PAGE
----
Assuming you’re using the heart rate monitor and the speed/cadence sensor, you’ll be presented with a huge amount of data, all laid out in clear boxes and charts. You get the aforementioned Google map showing you the route you’ve just ridden along with a detailed summary of the ride. This summary will include everything from time taken, to distance ridden, to elevation, to temperature, to cadence and of course heart rate.

Also presented in the summary is a list of your laps, along with the time taken, distance and average speed of each. However, if you then click the View Splits button you’ll get the full detail about each of your laps including elevation gained and lost, average and maximum heart rate, average and maximum speed, average and maximum cadence, calories burned and temperature – pretty much all the data you could ever want.

Garmin Connect also gives you the option of exporting any or all of your data to a CSV file, in case you’d like to keep track of it offline too. You also have access to a printer friendly layout, so you can keep your data in an actual file, rather than an electronic one.


You can view all your exercise activity in a calendar layout, or view it as a list of training sessions. You also have the option to set yourself goals – you could set yourself a goal of riding 100 miles in a week, then each day you can assess how close to that goal you are, and whether you need to step up your training, or even ease off a little.

Conclusion

The Edge 500 is a very impressive cycle computer that leverages on Garmin’s unquestionable expertise with GPS technology. The fact that it can be used as a stand alone unit without the need for external sensors will make it attractive to many cyclists straight away. That said, buying the bundle with the heart rate monitor and speed/cadence sensor ticks all the feature boxes you could want, bar a power sensor, which can also be added.

I’m impressed that Garmin ships the Edge 500 with two bike mounts and a plethora of rubber o-rings. Considering that most serious cyclists have multiple bikes, being able to attach the Edge 500 to two bikes straight out of the box is a real bonus. The mounts themselves are extremely easy to use, with the device simply twisting on and off – there’s also not even the hint of a rattle, no matter how rough the terrain.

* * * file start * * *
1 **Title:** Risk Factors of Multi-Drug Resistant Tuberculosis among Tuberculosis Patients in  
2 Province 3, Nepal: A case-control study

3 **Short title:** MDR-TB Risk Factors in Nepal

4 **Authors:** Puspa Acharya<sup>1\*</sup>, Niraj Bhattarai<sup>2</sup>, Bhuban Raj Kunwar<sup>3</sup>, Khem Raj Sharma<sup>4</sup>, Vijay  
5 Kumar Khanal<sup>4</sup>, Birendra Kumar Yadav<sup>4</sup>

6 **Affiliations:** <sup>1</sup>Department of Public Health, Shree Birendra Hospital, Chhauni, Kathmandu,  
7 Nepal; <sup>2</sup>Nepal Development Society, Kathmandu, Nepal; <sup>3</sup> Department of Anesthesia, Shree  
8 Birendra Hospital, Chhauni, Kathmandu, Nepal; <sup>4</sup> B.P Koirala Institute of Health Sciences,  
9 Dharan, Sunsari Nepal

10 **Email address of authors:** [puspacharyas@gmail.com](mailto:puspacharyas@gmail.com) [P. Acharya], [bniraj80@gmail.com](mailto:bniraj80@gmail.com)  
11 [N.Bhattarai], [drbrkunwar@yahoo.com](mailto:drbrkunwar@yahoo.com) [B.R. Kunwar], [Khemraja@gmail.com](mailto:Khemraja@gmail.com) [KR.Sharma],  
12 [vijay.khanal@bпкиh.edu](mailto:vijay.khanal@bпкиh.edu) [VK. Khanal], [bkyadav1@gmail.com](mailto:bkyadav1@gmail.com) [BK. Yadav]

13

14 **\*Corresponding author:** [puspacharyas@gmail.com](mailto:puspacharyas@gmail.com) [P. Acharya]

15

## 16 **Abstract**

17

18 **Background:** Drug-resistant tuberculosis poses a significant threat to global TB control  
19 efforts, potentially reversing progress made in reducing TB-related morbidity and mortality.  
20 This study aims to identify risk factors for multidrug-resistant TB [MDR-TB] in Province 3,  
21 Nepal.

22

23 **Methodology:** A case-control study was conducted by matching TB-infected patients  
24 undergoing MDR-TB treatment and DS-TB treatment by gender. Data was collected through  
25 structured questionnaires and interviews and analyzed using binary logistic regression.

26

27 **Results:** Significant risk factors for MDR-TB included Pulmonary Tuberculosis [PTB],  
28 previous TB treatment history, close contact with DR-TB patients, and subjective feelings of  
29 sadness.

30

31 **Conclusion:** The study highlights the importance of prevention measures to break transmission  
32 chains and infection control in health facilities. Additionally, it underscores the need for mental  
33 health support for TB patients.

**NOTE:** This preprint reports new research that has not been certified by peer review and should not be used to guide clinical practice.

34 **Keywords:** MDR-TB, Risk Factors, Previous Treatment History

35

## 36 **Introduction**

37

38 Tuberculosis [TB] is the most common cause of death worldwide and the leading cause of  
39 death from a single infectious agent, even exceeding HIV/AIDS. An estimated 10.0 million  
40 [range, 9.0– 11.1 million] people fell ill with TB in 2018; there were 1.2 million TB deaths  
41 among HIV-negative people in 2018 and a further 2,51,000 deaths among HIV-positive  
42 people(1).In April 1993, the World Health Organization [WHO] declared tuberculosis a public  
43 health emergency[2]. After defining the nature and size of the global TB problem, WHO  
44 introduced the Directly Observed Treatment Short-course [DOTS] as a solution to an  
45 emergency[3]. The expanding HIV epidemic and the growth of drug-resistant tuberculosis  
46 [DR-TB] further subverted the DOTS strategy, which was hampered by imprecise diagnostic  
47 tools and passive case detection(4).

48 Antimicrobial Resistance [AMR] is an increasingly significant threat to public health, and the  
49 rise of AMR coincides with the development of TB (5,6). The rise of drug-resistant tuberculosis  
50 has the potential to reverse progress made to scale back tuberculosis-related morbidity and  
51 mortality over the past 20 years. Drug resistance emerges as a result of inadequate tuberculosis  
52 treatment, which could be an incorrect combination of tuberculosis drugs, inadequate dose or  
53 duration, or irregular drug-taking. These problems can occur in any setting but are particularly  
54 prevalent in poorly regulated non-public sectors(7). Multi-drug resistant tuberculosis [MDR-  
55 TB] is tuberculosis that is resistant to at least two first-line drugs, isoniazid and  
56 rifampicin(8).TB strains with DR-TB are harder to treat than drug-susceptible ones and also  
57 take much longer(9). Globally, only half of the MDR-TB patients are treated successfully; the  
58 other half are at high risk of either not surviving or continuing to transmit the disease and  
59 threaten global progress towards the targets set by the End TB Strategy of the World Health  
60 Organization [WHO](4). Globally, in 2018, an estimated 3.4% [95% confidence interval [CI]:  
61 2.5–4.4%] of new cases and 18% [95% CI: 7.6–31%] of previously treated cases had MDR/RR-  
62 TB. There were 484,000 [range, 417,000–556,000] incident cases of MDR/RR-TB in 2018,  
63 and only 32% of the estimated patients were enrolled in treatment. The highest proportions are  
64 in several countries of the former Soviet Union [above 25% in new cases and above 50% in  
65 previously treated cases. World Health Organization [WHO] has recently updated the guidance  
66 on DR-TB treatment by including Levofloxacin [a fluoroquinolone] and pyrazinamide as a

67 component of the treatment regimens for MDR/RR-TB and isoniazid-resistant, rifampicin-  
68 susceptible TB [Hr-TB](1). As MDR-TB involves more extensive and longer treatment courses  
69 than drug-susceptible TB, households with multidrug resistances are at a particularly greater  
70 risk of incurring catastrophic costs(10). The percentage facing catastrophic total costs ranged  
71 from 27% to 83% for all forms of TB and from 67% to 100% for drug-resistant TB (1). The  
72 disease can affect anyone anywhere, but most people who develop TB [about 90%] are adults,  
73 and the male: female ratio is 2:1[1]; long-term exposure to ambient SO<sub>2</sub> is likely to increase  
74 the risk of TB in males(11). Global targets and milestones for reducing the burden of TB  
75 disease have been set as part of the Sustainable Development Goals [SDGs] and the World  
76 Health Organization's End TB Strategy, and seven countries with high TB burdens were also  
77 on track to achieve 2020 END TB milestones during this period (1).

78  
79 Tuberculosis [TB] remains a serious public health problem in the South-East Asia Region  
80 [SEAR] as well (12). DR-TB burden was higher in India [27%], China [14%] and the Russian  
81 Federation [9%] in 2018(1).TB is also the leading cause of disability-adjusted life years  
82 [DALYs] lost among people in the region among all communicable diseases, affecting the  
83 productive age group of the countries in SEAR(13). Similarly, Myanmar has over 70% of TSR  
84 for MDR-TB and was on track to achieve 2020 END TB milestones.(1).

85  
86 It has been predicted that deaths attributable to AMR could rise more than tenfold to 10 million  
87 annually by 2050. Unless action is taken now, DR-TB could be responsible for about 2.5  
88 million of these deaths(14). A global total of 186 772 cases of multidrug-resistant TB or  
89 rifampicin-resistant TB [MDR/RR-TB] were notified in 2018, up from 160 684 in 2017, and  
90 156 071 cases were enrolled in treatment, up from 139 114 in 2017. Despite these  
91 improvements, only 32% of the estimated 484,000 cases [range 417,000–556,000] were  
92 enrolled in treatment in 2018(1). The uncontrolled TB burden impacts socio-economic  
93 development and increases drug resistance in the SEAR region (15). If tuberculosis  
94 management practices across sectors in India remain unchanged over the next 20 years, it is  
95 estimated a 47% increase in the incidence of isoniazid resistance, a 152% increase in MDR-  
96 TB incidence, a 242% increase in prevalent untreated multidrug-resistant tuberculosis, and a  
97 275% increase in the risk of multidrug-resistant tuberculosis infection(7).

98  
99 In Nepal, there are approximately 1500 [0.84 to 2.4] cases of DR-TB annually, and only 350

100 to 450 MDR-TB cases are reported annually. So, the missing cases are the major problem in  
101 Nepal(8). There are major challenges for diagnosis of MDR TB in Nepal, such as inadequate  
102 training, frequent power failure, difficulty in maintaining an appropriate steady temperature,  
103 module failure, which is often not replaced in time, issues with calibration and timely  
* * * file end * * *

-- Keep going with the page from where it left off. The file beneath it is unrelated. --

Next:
I simply love the way you can configure the info screens to suit your own needs, creating different layouts and different data fields for each of the three pages. The positional auto lap feature is also excellent, while something simple like the backlight will make it far easier to use the Edge 500 in the winter.

The Garmin Connect portal makes it easy to synchronise, collate and analyse your training data, and if you want to keep local records, you can export the information from the cloud and keep it on your own computer.

The suggested retail price of the Edge 500 is £249.99, but a quick look around the web showed that the bundle reviewed here can be had for around £185 from a few online retailers.

So, which is better, the Garmin Edge 500 or the Polar CS500? I’m afraid that’s not an easy question to answer, since I really like both devices for very different reasons. The large screen, and incredibly simply usability of the Polar CS500 make it a joy to use while riding, but then the info screen customisation on the Garmin Edge 500 means that you can tailor it to your exact needs, while the GPS route logging gives you a visual indication of where you’ve been at the end of each ride.

In all honesty I think that comparing the Edge 500 and CS500 is simply unfair, since they really are completely different products, with completely different strengths and USPs. With that out of the way, I’ll conclude by saying that the Garmin Edge 500 is a great cycle computer with an impressive array of features. If you’re looking for a device to improve your performance in the saddle, and like the idea of in-built GPS functionality, the Edge 500 should be high on your list.

Pros:

  • Built-in GPS logger
  • Route overlaid on Google maps
  • Speed & distance measurements via GPS
  • Bundled heart rate monitor and speed/cadence sensor
  • 2.4GHz connection with sensors
  • Fully customisable info screens
  • Auto lap by position
  • Two bike mounts

Cons:

  • Battery needs to be regularly charged
  • Side mounted buttons can be fiddly when riding
  • Basic heart rate monitor bundled
  • Larger screen would be nice

Manufacturer: Garmin UK

SRP: £249.99